I heard from a reader about last week's column on the school budget, in particular about the question of whether non-resident property owners should be allowed to vote in school elections. Arguing in favor, this reader suggested I read the case of Kramer vs. Union School District. When I looked it up online, I found it was a 1969 Supreme Court ruling that overturned a provision in Section 2012 of NY State education law denying the vote to residents who don't own or lease property or have children in school (the childless appellant lived with his parents but wanted to vote).
There's a lot of text there, and I admit I didn't read the whole thing. But I did read far enough to see the following: "At the outset, it is important to note what is not at issue in this case. The requirements of 2012 that school district voters must (1) be citizens of the United States, (2) be bona fide residents of the school district, and (3) be at least 21 years of age are not challenged. Appellant agrees that the States have the power to impose reasonable citizenship, age, and residency requirements on the availability of the ballot."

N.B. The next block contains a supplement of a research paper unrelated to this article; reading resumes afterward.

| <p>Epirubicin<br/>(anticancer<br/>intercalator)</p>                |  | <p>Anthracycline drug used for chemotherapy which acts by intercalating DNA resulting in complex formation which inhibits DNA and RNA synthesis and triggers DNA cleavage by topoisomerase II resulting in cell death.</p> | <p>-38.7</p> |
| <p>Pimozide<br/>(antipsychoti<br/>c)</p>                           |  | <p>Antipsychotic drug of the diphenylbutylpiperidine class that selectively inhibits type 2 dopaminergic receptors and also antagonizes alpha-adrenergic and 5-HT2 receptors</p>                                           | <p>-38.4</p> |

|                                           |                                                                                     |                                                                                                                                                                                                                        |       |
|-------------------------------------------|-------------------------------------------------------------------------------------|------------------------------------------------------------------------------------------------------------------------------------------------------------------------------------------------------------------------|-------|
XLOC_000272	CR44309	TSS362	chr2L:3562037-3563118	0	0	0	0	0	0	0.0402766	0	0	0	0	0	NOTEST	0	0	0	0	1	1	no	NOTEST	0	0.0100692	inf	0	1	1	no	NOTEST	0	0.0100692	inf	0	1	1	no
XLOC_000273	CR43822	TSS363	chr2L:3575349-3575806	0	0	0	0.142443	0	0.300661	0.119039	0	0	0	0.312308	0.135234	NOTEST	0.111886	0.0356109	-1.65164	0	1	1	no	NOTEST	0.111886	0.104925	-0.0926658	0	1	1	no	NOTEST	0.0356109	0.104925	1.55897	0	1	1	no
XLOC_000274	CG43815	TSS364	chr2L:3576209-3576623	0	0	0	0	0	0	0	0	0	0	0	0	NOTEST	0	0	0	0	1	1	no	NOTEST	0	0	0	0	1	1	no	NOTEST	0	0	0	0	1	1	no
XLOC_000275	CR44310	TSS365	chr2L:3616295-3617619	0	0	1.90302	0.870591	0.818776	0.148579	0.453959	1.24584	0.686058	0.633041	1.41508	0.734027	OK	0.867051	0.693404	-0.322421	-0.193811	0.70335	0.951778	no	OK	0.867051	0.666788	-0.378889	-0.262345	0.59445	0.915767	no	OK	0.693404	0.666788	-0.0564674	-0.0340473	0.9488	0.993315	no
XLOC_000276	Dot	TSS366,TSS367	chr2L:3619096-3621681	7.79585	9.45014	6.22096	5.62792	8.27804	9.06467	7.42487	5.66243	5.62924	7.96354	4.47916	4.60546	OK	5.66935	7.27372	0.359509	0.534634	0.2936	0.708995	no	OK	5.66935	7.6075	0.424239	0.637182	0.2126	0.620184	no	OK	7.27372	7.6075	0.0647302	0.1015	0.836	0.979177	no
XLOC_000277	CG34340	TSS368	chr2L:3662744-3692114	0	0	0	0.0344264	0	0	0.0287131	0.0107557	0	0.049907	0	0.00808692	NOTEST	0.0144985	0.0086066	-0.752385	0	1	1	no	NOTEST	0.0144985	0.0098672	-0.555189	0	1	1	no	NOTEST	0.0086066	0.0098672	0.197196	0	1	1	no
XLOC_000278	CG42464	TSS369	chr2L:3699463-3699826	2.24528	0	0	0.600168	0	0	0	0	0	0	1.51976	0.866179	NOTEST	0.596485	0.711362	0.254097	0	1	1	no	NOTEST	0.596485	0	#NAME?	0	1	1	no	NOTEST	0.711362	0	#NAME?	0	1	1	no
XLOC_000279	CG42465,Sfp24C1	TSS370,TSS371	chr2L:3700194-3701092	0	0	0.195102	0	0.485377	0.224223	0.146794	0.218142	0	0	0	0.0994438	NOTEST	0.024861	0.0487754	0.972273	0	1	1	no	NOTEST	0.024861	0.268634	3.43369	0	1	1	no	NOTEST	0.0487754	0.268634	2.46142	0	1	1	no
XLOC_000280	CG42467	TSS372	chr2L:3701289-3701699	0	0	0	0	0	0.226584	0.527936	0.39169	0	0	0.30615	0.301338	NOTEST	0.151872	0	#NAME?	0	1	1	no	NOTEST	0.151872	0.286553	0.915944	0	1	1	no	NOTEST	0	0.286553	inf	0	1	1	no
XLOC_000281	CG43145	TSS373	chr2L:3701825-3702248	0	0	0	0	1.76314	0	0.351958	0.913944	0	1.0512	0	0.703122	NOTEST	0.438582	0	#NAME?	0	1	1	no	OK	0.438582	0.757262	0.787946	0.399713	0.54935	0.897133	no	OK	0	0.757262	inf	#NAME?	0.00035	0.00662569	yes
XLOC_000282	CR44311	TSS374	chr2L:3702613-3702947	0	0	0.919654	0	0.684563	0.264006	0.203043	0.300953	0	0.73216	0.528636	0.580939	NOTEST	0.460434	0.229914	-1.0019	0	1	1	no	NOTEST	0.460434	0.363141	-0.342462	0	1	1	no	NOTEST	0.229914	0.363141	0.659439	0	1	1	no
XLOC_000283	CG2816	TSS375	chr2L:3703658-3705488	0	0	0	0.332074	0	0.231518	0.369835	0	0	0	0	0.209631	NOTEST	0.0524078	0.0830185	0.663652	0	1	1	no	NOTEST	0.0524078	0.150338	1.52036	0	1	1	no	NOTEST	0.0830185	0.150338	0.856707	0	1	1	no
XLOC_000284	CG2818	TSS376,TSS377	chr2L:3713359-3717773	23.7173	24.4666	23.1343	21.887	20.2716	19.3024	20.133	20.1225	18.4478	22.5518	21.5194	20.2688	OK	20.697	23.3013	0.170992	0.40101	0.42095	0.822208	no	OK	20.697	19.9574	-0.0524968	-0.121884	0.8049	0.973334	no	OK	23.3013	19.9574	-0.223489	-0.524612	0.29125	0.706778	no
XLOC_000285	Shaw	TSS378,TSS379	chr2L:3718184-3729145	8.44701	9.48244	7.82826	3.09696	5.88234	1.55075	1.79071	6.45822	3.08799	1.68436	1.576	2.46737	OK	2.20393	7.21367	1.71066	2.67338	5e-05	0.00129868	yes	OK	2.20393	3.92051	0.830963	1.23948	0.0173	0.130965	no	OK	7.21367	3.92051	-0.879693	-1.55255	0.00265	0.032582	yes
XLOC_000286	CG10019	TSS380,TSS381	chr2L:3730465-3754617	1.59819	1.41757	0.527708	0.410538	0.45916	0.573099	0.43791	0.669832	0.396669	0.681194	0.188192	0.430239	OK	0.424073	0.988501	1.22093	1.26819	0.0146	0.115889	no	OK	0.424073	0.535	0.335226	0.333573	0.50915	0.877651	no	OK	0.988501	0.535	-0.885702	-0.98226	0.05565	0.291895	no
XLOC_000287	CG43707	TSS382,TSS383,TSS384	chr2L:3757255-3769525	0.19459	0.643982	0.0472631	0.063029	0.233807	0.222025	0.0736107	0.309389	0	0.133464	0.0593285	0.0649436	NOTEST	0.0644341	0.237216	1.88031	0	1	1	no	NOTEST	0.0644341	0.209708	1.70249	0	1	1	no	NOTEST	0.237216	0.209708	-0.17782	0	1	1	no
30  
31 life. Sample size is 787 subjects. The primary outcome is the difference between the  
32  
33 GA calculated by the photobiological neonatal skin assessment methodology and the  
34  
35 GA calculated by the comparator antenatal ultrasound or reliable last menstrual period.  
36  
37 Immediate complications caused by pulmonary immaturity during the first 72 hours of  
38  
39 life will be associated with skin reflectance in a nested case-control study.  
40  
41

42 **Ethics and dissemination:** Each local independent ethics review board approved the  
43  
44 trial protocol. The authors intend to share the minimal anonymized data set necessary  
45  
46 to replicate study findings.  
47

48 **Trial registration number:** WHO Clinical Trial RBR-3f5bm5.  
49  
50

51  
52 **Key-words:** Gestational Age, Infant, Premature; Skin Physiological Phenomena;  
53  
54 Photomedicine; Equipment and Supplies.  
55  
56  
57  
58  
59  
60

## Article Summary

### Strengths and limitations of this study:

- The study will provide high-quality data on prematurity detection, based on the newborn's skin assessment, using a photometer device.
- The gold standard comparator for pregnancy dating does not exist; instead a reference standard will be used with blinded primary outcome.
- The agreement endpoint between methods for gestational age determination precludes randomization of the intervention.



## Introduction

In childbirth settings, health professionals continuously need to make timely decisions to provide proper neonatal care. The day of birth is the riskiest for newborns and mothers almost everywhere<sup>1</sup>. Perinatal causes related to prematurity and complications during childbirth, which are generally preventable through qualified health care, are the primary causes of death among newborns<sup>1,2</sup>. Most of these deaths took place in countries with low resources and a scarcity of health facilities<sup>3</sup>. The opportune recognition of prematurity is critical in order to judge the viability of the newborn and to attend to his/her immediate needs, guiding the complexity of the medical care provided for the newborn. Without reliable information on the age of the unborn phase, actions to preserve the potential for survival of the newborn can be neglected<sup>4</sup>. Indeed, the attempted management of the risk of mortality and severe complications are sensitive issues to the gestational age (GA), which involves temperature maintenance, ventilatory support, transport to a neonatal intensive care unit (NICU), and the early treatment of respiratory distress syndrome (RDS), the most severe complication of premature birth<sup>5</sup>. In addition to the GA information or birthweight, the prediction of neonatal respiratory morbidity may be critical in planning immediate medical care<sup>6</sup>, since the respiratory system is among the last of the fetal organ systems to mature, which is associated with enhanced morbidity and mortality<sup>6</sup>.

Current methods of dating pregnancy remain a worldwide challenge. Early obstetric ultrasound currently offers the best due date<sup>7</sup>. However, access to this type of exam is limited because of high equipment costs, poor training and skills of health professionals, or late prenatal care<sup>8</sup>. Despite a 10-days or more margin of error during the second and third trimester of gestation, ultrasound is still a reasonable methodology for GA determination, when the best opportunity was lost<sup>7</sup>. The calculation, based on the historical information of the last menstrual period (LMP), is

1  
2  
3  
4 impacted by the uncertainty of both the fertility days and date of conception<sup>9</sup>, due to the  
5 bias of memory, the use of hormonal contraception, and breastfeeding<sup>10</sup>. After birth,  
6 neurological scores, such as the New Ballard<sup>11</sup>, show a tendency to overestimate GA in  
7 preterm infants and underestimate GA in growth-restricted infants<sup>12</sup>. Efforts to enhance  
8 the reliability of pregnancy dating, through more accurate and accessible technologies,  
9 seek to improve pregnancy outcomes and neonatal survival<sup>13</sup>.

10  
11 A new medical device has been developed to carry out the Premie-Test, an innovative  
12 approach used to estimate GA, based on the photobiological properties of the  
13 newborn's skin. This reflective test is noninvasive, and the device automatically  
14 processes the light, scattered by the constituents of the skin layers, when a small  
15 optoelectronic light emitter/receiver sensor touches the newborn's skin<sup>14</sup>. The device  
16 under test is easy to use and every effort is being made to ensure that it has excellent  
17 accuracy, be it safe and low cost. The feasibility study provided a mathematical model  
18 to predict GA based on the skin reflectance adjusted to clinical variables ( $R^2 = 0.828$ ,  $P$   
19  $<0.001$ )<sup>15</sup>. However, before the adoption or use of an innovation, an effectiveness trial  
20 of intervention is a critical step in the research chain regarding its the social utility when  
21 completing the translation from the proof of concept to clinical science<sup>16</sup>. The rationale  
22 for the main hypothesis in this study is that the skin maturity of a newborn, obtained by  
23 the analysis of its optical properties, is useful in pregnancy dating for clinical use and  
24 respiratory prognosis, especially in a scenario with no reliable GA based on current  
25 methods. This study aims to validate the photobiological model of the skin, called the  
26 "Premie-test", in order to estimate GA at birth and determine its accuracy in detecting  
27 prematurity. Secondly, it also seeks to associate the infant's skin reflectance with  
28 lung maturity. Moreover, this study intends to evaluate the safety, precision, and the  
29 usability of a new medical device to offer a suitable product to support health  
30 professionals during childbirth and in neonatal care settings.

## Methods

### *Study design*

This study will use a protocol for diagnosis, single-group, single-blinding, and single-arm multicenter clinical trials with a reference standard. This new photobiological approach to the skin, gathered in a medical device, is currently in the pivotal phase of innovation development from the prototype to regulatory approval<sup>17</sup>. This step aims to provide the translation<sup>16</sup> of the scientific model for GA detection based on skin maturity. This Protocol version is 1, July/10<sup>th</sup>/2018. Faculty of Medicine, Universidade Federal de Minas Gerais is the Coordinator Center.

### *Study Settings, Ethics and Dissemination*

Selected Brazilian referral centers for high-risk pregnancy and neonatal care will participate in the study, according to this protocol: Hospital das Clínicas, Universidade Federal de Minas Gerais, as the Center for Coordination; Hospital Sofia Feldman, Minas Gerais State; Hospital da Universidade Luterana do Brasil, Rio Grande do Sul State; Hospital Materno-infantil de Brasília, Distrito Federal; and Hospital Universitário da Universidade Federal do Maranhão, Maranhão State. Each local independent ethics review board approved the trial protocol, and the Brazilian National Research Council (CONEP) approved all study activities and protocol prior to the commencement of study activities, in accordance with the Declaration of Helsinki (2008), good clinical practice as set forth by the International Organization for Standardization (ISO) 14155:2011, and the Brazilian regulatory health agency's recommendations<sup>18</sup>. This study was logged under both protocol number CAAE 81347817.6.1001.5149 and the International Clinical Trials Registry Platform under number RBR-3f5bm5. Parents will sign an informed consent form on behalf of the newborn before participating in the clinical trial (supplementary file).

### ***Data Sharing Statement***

Hmmm. Hardly a slam-dunk for the reader. I then found the surviving parts of Section 2012 itself, which say that a school voter must be "a resident within the district for a period of thirty days next preceding the meeting or election at which he offers to vote." OK, I thought, so what exactly do they mean by "resident"? That took me to Section 22 of NY State election law: "The term 'residence' shall be deemed to mean that place where a person maintains a fixed, permanent and principal home and to which he, wherever temporarily located, always intends to return."
Now I'm just a humble local columnist. I'm no legal eagle. But I wonder, is it even legal under state law to extend the vote to non-residents? Are there communities in NY that do so, and how are they faring? Let me know what you think.